It's like if the author didn't care much about the people in her novel, they go through horrible experiences and everything is explained like if it was a picnic. Yeah, I guess the true protagonist is the book, not the people...

Well, I can only say I didn't enjoy reading the novel, and although I recognise it's a well written book, I won't be searching for anything else by this author.
283 reviews
May 28, 2008
I only got through the first 50 pages on this one. I'll try her novel The Wonder Years, but I found the narrator just too whipsmart. Also, there was a line or two that made me groan outloud. When Hannah is sitting on a plane next to someone who removes mines, she says to herself something like: "I thought about making a borderline comment like, 'business booming, eh?'" Yuck! Also, she "seduces" a guy by licking his fingers at a restaurant. All I could think was, "Who really does that?" It made my toes curl (in a bad way).
Profile Image for Meredith Holley.
Author 2 books2,273 followers
May 11, 2013
I think an alternative title for this book could have been something like Women and Love or What Women Mean When They Talk About Love. Something like that. It was so beautiful in this delicate, fine-art way, and I was so surprised at this book’s beauty, that I feel totally inadequate in trying to describe my reaction to it. It is that type of beauty I feel when I think about the improbability of our bodies being alive or of Michelangelo’s ceiling in the Sistine Chapel or of microscopic images of snowflakes. There is no way the universe could conspire so delicately for those things to work in such a way that their beauty is not so improbable as to be obscenely contrived, but somehow it does work. It is beautiful.

And now that I’ve compared this book to the Sistine Chapel, there is no way anyone could go into it liking it. It’s like that time this douchey guy told me that Bright Eyes is the new Bob Dylan. I mean, Bright Eyes is not great anyway – talk about being in love with your own mysterious allure – but, compared to Bob Dylan, Mr. Eyes is just embarrassing. So, here I am ruining this book for you like that.

At the same time, after reading this, I understood a lot more why someone would write a book like Olive Kitteridge, using multiple, somewhat unrelated, perspectives strung together by a common theme. While that one just seemed ridiculous, this one soared for me, and I can see how, as an author, you could want to aim for this kind of delicacy in weaving together stories.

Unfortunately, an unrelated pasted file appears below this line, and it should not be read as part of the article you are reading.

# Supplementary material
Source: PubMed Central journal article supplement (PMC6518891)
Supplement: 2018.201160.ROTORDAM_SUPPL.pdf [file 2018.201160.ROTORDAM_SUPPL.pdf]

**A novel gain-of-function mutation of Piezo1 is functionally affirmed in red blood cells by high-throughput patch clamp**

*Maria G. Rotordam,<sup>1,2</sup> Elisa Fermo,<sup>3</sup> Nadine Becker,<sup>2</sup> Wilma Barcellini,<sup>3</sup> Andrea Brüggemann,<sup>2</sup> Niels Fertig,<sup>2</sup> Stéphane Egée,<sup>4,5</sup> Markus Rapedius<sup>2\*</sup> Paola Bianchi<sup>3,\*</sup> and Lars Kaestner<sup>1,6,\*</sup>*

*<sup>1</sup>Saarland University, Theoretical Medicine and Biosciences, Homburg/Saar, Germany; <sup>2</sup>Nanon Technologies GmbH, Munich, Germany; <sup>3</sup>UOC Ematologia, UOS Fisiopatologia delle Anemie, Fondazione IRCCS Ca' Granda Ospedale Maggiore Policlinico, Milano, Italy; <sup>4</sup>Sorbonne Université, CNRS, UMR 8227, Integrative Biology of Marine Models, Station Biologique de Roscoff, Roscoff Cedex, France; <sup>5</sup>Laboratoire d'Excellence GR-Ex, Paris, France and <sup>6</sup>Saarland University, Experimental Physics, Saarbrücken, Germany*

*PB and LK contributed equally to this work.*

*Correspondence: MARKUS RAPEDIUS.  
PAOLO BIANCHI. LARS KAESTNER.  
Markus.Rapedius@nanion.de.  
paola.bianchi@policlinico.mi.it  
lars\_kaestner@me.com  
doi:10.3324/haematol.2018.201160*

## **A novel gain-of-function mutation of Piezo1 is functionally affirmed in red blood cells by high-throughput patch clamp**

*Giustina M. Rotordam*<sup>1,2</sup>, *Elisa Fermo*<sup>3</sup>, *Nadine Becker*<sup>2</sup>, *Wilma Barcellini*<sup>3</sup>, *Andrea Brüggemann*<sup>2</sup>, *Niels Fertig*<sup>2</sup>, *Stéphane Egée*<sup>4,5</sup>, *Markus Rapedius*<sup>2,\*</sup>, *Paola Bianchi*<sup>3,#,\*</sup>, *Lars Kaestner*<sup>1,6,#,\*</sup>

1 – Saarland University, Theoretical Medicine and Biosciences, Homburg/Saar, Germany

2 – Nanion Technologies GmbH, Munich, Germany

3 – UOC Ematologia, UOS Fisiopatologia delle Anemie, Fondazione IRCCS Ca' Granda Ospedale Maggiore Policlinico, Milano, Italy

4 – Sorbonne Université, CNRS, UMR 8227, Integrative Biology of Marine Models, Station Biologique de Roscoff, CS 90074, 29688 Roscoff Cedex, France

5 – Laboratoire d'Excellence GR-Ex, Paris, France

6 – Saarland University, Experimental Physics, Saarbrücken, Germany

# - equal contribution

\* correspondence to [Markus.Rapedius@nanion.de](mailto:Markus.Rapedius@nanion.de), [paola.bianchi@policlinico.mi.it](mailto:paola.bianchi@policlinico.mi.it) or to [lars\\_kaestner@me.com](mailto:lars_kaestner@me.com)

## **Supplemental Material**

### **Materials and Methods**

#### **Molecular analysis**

I listened to this on audio, and it was like hearing someone describe every way a woman’s love can be beautiful and painful, harsh and delicate. Some books will make me cry, but this book brought me to tears, which is the same thing but more elegant because of this story’s elegance. The reader’s voice was lovely, and the only fault with listening to this on audio was that there was so much I wanted to hear and follow that I know I missed a lot. I usually choose audio books based on the idea that it won’t matter if I space out during the book (because I space out a lot while I’m walking to work and listening to them), so I normally choose a book that I’ve read before or something I don’t think I’ll love that much. I was surprised at how much I loved this one and how much I felt I missed by listening to the audio. It is not a difficult book, but it definitely contains subtlety and passages that I would probably have read over again if I were reading it on the page.

This is not a very exciting review, I think, because it doesn’t contain an exciting story. I have the most wonderful job in the world right now, at which the most amazing things happen, but I can’t talk about it on the internet. And, no, my job is not Fight Club. If I could, I would tell you about how this has probably been the best year of my life so far, and about all of its beauty and fullness, and about how pain is as much a part of the beauty as comfort or wonder are. And I would tell you about the women I have seen and the ways they are with the love in their lives. But, instead, I will just be vague, and say that this book resonated with me both in the year I have had and in the life I have had. It talked about the right things and in the right way.

And, of course, it was about a book, which I imagine is the universal symbol of love.